Perhaps showing what a timeless classic it is, Casablanca has provoked different reactions in me depending on when in my life I saw the film. I first watched it as a teenager when I was in the throes of my classic-Hollywood phase. Sure, I thought it was a good film (after all, Ingrid Bergman was one of my obsessions), but I was more captivated by Gone With the Wind. When I watched it again in college, the roomful of cynical students hissed and barked at parts of the film, like Ilsa’s whiny plea to Rick, “Oh, I don’t know what’s right any longer. You have to think for both of us.” Students groaned and giggled at the classic (and admittedly weirdly patronizing) catchphrase, “Here’s looking at you, kid!”
Now, double those college years later, I was fascinated by what I missed while watching it in the early years. There is the fact that Casablanca was made during the war (1942), and was decidedly anti-Nazi (What if the war had turned out differently? Would this film have been obliterated?). There are the politics of expats stuck in the limbo between fleeing Europe and escaping to America. These people of all nationalities, stuck at Rick’s bar in Casablanca, are victims to swindles and promises, and in some cases they (like poor Peter Lorre) will never make it out of this haven in the middle of purgatory. Then there is Isla, who may not be the ding-a-ling she seems to college feminists. She is a woman who, in desperate, self-preserving situations, makes the difficult decisions that she has to make. Her decisions, seemingly selfish, are actually full of the ultimate sacrifice for her own happiness.
Rick (Humphrey Bogart) and Ilsa (Ingrid Bergman) are two of cinema’s most classic lovers. They’ll always have Paris, a carefree time where they met, fell in love, and planned to run off together. But Rick was left at the altar, or more specifically, the train platform when they were to leave the city together. Now a jaded bar owner in Casablanca, he is not too pleased to see the love of his life, who shattered his heart, turn up at Rick’s Café Américain years later with her husband Victor (Paul Henreid) at her side. Ilsa and Victor are trying to flee to America, but the Nazis want to get to Victor first. Will Rick help them? Not until he settles things with Ilsa to figure out why she did what she did.
All I can say is that no one… NO ONE is more beautiful than Ingrid Bergman in Casablanca. With her wide brimmed hats shading her wounded eyes, and her excellent cheekbones so beautifully lit in black and white, well, you can imagine why Rick’s icy heart melts to see her again. Humphrey Bogart shines as Rick, who is a complex enough character that you really aren’t sure until the final scene what decision he has made for Ilsa and Victor. Weaselly Peter Lorre shows up as a petty criminal with some valuable papers that set the whole plot spinning. Then of course there is the fabulous Claude Rains as the French Captain Louis Renault who salutes the Nazis while subversively crossing his fingers behind his back.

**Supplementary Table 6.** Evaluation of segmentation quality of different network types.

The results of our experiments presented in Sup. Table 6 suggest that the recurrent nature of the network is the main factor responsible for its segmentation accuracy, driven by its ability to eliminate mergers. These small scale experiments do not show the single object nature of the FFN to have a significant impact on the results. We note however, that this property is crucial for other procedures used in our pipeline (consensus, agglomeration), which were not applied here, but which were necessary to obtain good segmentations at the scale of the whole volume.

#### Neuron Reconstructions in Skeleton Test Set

Fans of the film will be pleased with the 70th (!) Anniversary Edition of the film which is presented in a fancy box set. The film is presented in an all new 4K scan, which I learned recently is the equivalent quality of a film shown on a 25-foot screen (!!). Hold your breath, this is what the box set includes: 2 Blu-Ray discs and 1 DVD, which include the film and over 13 hours of bonus material, including docs about Bogart, Director Michael Curtiz, additional footage, an audio commentary by Roger Ebert, and a sprawling 5-hour documentary of Warner Bros. Studios (and, believe me, much MUCH more). Additional collectibles include a 62-page hardcover book with productions stills, behind-the-scenes photos, and drawings, a fold-out replica of a vintage 1942 French theatrical poster (nice!), and finally, the treat that all my friends want to steal, a faux-leather wallet that includes a stack of 4 colorful drink coasters with the Casablanca-themed logos on them. With this sort of collection, you’ll want to play it once, for old times sake, but more likely you’ll want to play Casablanca again, and again.